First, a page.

/ Finance 101

Money management guide for graduates

Graduation is a significant milestone; you’ve earned your diploma or degree and have the skills you need to land your first job. While this is a time for celebration, the transition from student life to the “real world” can be a lot to take in, particularly when it comes to your finances.

Do you know the average debt for Canadian graduates is around $26,000?1 This much debt can be difficult to manage when you’re just starting out. Fortunately, there are smart habits you can adopt to tackle debt and become more financially savvy.

Read our money management guide to help you get started.

1. Build a budget

Take a look at your current financial situation and create a budget that works for you. Not sure where to start? First, add up your expenses and deduct that amount from your income. This is the money you can work with to put towards your financial goals. If you haven’t built a budget before, there are plenty of great apps to help you get started, such as Goodbudget and Mint.

Tip: Keep in mind that budgets are constantly evolving. If your expenses or income change at any point, revisit your budget and see what you can adjust.

2. Include updated living expenses in your new budget

Living expenses can be quite different from when you were a student. Although you likely paid for a dorm room or shared a place with roommates, you may have new expenses to budget for such as electricity, water, internet and cable. Depending on your travel arrangements, you may also have to budget for auto insurance and car payments, or plan a monthly transit pass to get around.

Planning for the future might not be the first thing on your mind after you graduate, but the earlier you start saving money for retirement the better."

3. Make a plan to pay off debt

Did you use student loans or a line of credit to finance your education? Now is the time to set a debt repayment plan. If you took out a student loan with the Government of Canada, you have a six month non-repayment period after school ends, which means you don’t have to make any payments for your first six months as a grad.2 Many provincial student loans also offer a grace period where you aren’t charged any interest. Use this time to figure out how much you can afford to pay back on your loan and how often.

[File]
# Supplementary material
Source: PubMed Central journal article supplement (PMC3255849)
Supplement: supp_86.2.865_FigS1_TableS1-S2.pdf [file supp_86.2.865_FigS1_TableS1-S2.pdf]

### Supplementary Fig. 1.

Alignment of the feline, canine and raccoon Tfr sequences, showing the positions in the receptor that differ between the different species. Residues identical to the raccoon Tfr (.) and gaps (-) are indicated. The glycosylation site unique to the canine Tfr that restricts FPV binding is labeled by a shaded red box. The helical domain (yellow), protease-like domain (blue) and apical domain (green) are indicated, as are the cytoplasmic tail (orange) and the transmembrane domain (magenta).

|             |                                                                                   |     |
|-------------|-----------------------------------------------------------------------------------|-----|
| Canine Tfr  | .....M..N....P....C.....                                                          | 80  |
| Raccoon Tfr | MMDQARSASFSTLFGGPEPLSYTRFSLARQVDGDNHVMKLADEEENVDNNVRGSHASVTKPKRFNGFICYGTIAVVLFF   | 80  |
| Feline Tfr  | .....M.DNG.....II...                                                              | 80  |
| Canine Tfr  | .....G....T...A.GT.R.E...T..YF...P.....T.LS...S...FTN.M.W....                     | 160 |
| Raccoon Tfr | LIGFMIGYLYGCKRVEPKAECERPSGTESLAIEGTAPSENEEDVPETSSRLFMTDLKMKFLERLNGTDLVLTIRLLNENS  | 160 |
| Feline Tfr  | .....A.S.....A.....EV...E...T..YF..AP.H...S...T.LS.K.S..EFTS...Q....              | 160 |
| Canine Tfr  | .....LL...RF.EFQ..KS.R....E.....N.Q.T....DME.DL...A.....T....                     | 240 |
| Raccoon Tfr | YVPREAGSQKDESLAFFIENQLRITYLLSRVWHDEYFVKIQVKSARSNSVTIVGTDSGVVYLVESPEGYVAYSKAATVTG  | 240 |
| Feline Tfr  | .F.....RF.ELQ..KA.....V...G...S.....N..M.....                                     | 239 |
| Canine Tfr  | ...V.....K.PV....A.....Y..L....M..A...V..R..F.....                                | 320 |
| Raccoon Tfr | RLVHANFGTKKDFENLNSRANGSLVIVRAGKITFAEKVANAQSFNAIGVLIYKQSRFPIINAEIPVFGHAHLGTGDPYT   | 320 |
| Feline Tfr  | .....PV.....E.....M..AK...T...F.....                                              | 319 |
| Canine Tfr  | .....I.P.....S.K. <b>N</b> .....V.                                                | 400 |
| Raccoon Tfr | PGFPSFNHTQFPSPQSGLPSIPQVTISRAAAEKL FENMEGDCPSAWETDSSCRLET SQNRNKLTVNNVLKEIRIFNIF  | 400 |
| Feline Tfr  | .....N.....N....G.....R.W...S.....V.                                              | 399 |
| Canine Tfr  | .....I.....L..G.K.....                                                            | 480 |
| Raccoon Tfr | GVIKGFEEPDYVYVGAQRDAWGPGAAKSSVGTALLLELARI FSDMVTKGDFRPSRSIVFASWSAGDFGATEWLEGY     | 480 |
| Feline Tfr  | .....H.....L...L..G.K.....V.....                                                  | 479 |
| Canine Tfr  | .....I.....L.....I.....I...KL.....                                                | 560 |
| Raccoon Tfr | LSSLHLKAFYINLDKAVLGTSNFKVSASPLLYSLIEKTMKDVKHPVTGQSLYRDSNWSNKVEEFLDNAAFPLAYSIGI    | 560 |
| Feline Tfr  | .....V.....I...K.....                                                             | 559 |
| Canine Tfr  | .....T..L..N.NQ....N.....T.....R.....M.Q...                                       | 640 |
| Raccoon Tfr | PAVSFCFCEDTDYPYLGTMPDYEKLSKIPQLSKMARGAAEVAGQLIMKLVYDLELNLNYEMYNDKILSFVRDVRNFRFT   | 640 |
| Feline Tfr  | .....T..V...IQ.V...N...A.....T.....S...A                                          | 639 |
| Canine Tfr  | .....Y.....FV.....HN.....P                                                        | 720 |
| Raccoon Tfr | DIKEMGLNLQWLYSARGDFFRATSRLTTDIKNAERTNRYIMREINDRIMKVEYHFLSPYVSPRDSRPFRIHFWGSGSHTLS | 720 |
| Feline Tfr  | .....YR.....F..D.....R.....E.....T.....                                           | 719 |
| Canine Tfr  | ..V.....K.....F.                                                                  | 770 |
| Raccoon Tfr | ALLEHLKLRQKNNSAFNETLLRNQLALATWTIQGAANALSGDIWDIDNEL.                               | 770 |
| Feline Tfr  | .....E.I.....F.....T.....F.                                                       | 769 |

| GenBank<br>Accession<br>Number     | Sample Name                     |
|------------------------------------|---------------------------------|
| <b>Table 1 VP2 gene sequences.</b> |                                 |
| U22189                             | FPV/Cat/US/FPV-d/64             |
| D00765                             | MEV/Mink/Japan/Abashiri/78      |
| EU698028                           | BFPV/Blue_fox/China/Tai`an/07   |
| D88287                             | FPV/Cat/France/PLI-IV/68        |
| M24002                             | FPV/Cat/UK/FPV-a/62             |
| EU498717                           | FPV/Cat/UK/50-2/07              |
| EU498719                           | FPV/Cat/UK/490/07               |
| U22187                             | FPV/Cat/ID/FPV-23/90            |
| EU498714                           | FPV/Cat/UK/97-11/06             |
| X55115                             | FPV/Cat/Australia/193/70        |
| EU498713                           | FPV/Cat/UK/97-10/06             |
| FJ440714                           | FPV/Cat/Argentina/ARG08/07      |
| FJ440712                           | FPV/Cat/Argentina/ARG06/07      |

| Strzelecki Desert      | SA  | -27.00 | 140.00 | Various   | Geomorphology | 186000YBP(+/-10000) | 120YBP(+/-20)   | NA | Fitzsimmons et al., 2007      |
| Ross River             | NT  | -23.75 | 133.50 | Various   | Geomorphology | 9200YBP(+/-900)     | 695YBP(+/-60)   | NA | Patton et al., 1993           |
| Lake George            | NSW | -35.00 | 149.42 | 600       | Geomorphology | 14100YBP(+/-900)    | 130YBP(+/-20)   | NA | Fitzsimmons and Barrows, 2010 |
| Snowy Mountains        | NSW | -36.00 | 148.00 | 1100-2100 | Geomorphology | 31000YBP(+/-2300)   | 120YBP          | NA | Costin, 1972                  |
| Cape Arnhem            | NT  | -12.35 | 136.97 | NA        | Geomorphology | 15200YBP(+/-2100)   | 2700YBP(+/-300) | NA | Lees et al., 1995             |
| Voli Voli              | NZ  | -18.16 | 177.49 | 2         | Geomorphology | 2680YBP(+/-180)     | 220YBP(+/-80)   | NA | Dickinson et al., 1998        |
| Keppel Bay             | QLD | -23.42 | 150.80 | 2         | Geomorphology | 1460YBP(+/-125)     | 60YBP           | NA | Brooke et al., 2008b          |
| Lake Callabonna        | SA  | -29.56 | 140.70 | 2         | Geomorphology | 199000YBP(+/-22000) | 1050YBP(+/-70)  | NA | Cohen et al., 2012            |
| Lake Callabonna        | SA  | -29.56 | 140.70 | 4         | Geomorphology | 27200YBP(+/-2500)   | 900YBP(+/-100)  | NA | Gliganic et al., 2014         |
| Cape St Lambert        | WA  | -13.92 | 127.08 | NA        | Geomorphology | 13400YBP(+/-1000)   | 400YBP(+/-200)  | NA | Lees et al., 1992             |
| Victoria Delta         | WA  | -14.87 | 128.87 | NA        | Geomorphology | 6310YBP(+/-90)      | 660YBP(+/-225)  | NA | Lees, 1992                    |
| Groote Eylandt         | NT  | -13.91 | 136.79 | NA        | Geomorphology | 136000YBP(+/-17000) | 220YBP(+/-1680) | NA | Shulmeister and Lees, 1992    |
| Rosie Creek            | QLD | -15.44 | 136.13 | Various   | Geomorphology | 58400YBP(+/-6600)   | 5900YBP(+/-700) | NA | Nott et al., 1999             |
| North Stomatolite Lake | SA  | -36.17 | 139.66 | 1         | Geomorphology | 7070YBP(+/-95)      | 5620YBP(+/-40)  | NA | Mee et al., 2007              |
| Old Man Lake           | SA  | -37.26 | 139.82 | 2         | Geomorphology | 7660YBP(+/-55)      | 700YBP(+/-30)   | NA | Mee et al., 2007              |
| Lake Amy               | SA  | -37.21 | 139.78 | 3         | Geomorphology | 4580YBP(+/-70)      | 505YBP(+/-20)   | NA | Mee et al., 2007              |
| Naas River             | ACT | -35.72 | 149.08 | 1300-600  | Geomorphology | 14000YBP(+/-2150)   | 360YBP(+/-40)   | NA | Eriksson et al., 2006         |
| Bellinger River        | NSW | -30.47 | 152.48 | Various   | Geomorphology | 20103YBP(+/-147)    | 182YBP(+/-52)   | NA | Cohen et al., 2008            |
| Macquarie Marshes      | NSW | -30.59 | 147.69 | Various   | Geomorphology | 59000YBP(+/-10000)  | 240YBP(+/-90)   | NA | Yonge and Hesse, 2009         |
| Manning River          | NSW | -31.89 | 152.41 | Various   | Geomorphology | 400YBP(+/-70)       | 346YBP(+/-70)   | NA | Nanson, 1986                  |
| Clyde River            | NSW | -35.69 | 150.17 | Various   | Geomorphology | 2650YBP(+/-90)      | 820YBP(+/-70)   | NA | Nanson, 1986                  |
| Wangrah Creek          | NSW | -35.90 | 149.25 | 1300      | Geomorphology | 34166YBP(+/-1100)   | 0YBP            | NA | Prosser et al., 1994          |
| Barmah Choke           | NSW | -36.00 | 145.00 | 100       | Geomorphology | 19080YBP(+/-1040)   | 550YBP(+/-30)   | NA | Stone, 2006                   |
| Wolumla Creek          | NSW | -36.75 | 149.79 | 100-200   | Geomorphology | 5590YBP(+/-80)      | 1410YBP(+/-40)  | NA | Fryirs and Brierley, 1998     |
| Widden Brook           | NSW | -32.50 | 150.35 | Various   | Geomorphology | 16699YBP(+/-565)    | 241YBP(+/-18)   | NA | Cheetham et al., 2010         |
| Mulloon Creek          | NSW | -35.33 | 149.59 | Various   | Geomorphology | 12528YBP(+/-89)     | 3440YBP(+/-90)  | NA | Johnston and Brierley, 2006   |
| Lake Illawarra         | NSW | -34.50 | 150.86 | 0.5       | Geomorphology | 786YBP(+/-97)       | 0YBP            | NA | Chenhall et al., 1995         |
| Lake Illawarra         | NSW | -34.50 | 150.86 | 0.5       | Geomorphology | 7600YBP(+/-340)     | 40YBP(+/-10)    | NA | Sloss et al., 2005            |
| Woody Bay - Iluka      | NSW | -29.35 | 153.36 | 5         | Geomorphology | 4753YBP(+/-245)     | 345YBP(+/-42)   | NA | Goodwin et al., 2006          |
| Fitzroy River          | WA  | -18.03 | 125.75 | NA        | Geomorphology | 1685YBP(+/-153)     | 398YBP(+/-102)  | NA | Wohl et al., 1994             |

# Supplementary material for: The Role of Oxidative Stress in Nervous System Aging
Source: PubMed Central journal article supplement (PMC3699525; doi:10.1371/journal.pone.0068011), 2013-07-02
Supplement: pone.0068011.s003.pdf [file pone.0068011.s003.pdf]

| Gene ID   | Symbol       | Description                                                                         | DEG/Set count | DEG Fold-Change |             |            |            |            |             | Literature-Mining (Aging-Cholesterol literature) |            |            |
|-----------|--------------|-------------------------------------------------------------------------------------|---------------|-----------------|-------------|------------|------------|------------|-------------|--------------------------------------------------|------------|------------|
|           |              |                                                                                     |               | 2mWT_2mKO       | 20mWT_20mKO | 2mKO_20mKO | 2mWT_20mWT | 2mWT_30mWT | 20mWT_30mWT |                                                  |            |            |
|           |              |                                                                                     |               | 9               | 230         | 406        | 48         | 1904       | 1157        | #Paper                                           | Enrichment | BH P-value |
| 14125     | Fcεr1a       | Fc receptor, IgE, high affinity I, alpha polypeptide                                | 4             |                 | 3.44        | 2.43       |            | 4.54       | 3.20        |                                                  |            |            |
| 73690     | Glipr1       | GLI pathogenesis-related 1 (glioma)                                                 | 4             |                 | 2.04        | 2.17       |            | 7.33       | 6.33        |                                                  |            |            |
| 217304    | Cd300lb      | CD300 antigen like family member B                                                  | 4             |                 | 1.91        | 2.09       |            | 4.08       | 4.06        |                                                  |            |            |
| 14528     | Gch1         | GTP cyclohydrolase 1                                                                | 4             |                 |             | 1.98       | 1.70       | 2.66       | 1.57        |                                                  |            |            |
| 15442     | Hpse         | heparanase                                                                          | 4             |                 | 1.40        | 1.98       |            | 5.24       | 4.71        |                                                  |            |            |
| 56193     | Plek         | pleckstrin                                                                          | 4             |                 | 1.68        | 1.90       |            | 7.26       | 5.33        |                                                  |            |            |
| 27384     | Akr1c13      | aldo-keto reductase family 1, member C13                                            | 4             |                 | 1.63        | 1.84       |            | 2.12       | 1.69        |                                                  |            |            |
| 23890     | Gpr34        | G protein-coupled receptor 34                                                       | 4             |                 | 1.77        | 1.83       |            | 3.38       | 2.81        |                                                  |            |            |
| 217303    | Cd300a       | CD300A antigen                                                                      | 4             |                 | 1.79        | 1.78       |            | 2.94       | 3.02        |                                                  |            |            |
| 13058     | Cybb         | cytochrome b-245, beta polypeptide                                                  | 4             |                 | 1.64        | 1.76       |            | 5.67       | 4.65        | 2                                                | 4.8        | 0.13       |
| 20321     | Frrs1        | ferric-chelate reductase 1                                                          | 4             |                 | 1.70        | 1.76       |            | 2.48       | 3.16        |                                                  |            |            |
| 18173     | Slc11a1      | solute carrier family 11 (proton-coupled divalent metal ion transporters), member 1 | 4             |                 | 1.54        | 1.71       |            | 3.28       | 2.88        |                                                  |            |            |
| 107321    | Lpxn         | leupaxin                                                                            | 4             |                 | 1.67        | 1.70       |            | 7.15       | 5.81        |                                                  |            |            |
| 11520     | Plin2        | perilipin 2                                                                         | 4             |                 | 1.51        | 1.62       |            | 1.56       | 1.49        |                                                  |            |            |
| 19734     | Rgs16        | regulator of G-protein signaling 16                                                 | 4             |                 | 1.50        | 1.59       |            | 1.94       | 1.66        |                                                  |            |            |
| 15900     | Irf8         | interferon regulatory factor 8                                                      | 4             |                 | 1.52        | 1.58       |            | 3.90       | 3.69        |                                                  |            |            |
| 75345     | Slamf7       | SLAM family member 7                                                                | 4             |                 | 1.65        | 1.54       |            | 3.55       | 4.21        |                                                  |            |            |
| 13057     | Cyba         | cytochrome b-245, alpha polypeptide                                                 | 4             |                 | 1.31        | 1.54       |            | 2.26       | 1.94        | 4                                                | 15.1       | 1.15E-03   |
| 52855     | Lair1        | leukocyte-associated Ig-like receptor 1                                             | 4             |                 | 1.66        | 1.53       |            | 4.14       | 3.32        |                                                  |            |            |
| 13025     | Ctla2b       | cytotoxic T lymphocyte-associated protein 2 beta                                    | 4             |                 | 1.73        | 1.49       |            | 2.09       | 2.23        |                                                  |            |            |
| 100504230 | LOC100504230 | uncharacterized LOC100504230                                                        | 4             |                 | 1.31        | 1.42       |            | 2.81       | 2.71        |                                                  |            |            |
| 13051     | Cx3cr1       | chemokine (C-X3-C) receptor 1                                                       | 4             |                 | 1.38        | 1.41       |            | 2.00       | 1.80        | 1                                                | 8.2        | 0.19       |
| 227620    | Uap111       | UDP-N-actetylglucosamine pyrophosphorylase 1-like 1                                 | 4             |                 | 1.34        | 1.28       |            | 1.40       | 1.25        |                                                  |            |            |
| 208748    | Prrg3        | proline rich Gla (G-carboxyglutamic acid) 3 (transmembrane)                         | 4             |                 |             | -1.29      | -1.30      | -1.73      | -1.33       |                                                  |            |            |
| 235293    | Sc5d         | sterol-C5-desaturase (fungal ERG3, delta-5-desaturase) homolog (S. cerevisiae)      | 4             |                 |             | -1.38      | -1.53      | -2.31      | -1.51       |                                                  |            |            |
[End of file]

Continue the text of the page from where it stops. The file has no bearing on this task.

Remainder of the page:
Extra tip: Stressed that you can’t make your loan payment? Already missed a loan payment? The Government of Canada has repayment assistance options that may be able to help. Learn about the different options.

4. Save money now!

The moment you have a job, consider splitting your payroll deposit between chequing and savings — even $5 or $10 per pay period adds up. Diversifying your bank account will help you manage expenses and work towards specific goals. Check out our article on 6 reasons to diversify your bank account.

5. Set up an emergency fund

An emergency fund is a smart way to set aside some money for the unexpected. Unplanned events can happen at any time, and it helps to have an extra cushion of money in case times get tough. A general rule is to have enough money in your emergency fund to cover four to seven months of everyday expenses. You many need to build up that amount over time. Just keep in mind any money you set aside will help when you need it.

6. Start an RRSP

Planning for the future might not be the first thing on your mind after you graduate, but the earlier you start saving money for retirement the better. A Registered Retirement Savings Plan (RRSP) is a great savings option; money you deposit in an RRSP is tax deductible and your portfolio grows tax sheltered. Some employers may offer a group RRSP where they’ll match or exceed your contributions. When you start your new job, make sure to ask if your employer offers group benefits and how they work.

Now that you’ve graduated and have your finances figured out, it’s time to work on your financial goals and enjoy the money you make. Managing money and debt doesn’t have to be stressful. The more you plan head, the better prepared you’ll be for any of life’s events.

This article is for informational purposes only. For personalized financial advice, you should contact a qualified financial advisor.

1 “As student debt climbs to an average past $25K...” National Post Canada. 30 May, 2016. Web.
2 “Canada Student Loans.” Government of Canada. 6 February, 2017. Web.

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